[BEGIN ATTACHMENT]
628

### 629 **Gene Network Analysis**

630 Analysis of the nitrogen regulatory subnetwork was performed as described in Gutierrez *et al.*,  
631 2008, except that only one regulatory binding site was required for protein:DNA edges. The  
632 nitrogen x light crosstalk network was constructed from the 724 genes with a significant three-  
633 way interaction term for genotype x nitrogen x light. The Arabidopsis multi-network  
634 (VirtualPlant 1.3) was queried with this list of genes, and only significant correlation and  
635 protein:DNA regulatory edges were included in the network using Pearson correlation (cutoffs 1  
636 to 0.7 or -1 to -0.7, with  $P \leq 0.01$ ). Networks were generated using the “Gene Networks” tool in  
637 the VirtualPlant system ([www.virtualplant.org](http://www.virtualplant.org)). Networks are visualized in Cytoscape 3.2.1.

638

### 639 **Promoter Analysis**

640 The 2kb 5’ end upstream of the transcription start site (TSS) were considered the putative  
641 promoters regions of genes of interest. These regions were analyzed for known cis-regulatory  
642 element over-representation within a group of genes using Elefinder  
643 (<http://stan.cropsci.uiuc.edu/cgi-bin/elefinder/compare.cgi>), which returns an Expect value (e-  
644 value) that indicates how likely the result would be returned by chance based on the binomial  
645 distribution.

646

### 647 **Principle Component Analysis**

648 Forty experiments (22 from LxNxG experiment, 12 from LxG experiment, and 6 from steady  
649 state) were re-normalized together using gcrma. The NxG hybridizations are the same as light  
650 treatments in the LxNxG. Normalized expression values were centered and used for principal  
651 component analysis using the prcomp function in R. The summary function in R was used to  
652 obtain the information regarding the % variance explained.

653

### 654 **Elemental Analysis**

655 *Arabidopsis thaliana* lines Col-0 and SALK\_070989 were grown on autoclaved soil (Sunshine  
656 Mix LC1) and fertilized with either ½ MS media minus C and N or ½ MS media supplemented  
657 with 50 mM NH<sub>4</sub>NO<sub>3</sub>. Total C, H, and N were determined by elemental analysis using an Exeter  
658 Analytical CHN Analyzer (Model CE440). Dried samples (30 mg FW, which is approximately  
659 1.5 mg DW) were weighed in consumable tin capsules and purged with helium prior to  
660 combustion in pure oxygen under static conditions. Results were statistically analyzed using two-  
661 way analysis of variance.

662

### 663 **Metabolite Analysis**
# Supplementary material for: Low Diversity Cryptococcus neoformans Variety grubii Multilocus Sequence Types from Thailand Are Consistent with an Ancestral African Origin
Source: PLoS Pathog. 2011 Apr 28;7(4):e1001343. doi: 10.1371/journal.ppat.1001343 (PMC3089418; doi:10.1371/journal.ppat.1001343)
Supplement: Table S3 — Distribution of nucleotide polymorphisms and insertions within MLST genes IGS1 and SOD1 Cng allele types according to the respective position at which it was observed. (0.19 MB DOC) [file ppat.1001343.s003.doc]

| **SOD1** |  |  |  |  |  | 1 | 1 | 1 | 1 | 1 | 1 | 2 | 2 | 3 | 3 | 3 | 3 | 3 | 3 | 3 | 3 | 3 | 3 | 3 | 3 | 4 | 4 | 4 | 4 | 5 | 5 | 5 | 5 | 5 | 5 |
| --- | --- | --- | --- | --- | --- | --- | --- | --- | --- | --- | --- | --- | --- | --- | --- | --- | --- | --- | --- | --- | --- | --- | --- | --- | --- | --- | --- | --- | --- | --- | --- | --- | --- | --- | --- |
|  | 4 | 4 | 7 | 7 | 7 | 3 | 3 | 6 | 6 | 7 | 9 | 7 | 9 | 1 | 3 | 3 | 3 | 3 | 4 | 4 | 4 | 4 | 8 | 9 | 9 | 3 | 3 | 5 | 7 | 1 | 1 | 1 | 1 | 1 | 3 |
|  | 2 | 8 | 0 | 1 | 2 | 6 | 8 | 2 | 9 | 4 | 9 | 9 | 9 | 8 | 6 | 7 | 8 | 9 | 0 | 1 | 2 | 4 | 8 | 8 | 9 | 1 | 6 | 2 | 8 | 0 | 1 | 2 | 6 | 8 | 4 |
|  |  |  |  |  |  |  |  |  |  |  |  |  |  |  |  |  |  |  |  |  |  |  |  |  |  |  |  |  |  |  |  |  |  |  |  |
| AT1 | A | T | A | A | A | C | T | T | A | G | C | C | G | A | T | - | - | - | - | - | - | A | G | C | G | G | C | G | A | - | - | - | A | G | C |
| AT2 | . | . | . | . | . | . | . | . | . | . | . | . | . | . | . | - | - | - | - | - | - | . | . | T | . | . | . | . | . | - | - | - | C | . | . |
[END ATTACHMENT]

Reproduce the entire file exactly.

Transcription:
628

### 629 **Gene Network Analysis**

630 Analysis of the nitrogen regulatory subnetwork was performed as described in Gutierrez *et al.*,  
631 2008, except that only one regulatory binding site was required for protein:DNA edges. The  
632 nitrogen x light crosstalk network was constructed from the 724 genes with a significant three-  
633 way interaction term for genotype x nitrogen x light. The Arabidopsis multi-network  
634 (VirtualPlant 1.3) was queried with this list of genes, and only significant correlation and  
635 protein:DNA regulatory edges were included in the network using Pearson correlation (cutoffs 1  
636 to 0.7 or -1 to -0.7, with  $P \leq 0.01$ ). Networks were generated using the “Gene Networks” tool in  
637 the VirtualPlant system ([www.virtualplant.org](http://www.virtualplant.org)). Networks are visualized in Cytoscape 3.2.1.

638

### 639 **Promoter Analysis**

640 The 2kb 5’ end upstream of the transcription start site (TSS) were considered the putative  
641 promoters regions of genes of interest. These regions were analyzed for known cis-regulatory  
642 element over-representation within a group of genes using Elefinder  
643 (<http://stan.cropsci.uiuc.edu/cgi-bin/elefinder/compare.cgi>), which returns an Expect value (e-  
644 value) that indicates how likely the result would be returned by chance based on the binomial  
645 distribution.

646

### 647 **Principle Component Analysis**

648 Forty experiments (22 from LxNxG experiment, 12 from LxG experiment, and 6 from steady  
649 state) were re-normalized together using gcrma. The NxG hybridizations are the same as light  
650 treatments in the LxNxG. Normalized expression values were centered and used for principal  
651 component analysis using the prcomp function in R. The summary function in R was used to  
652 obtain the information regarding the % variance explained.

653

### 654 **Elemental Analysis**

655 *Arabidopsis thaliana* lines Col-0 and SALK\_070989 were grown on autoclaved soil (Sunshine  
656 Mix LC1) and fertilized with either ½ MS media minus C and N or ½ MS media supplemented  
657 with 50 mM NH<sub>4</sub>NO<sub>3</sub>. Total C, H, and N were determined by elemental analysis using an Exeter  
658 Analytical CHN Analyzer (Model CE440). Dried samples (30 mg FW, which is approximately  
659 1.5 mg DW) were weighed in consumable tin capsules and purged with helium prior to  
660 combustion in pure oxygen under static conditions. Results were statistically analyzed using two-  
661 way analysis of variance.

662

### 663 **Metabolite Analysis**
# Supplementary material for: Low Diversity Cryptococcus neoformans Variety grubii Multilocus Sequence Types from Thailand Are Consistent with an Ancestral African Origin
Source: PLoS Pathog. 2011 Apr 28;7(4):e1001343. doi: 10.1371/journal.ppat.1001343 (PMC3089418; doi:10.1371/journal.ppat.1001343)
Supplement: Table S3 — Distribution of nucleotide polymorphisms and insertions within MLST genes IGS1 and SOD1 Cng allele types according to the respective position at which it was observed. (0.19 MB DOC) [file ppat.1001343.s003.doc]

| **SOD1** |  |  |  |  |  | 1 | 1 | 1 | 1 | 1 | 1 | 2 | 2 | 3 | 3 | 3 | 3 | 3 | 3 | 3 | 3 | 3 | 3 | 3 | 3 | 4 | 4 | 4 | 4 | 5 | 5 | 5 | 5 | 5 | 5 |
| --- | --- | --- | --- | --- | --- | --- | --- | --- | --- | --- | --- | --- | --- | --- | --- | --- | --- | --- | --- | --- | --- | --- | --- | --- | --- | --- | --- | --- | --- | --- | --- | --- | --- | --- | --- |
|  | 4 | 4 | 7 | 7 | 7 | 3 | 3 | 6 | 6 | 7 | 9 | 7 | 9 | 1 | 3 | 3 | 3 | 3 | 4 | 4 | 4 | 4 | 8 | 9 | 9 | 3 | 3 | 5 | 7 | 1 | 1 | 1 | 1 | 1 | 3 |
|  | 2 | 8 | 0 | 1 | 2 | 6 | 8 | 2 | 9 | 4 | 9 | 9 | 9 | 8 | 6 | 7 | 8 | 9 | 0 | 1 | 2 | 4 | 8 | 8 | 9 | 1 | 6 | 2 | 8 | 0 | 1 | 2 | 6 | 8 | 4 |
|  |  |  |  |  |  |  |  |  |  |  |  |  |  |  |  |  |  |  |  |  |  |  |  |  |  |  |  |  |  |  |  |  |  |  |  |
| AT1 | A | T | A | A | A | C | T | T | A | G | C | C | G | A | T | - | - | - | - | - | - | A | G | C | G | G | C | G | A | - | - | - | A | G | C |
| AT2 | . | . | . | . | . | . | . | . | . | . | . | . | . | . | . | - | - | - | - | - | - | . | . | T | . | . | . | . | . | - | - | - | C | . | . |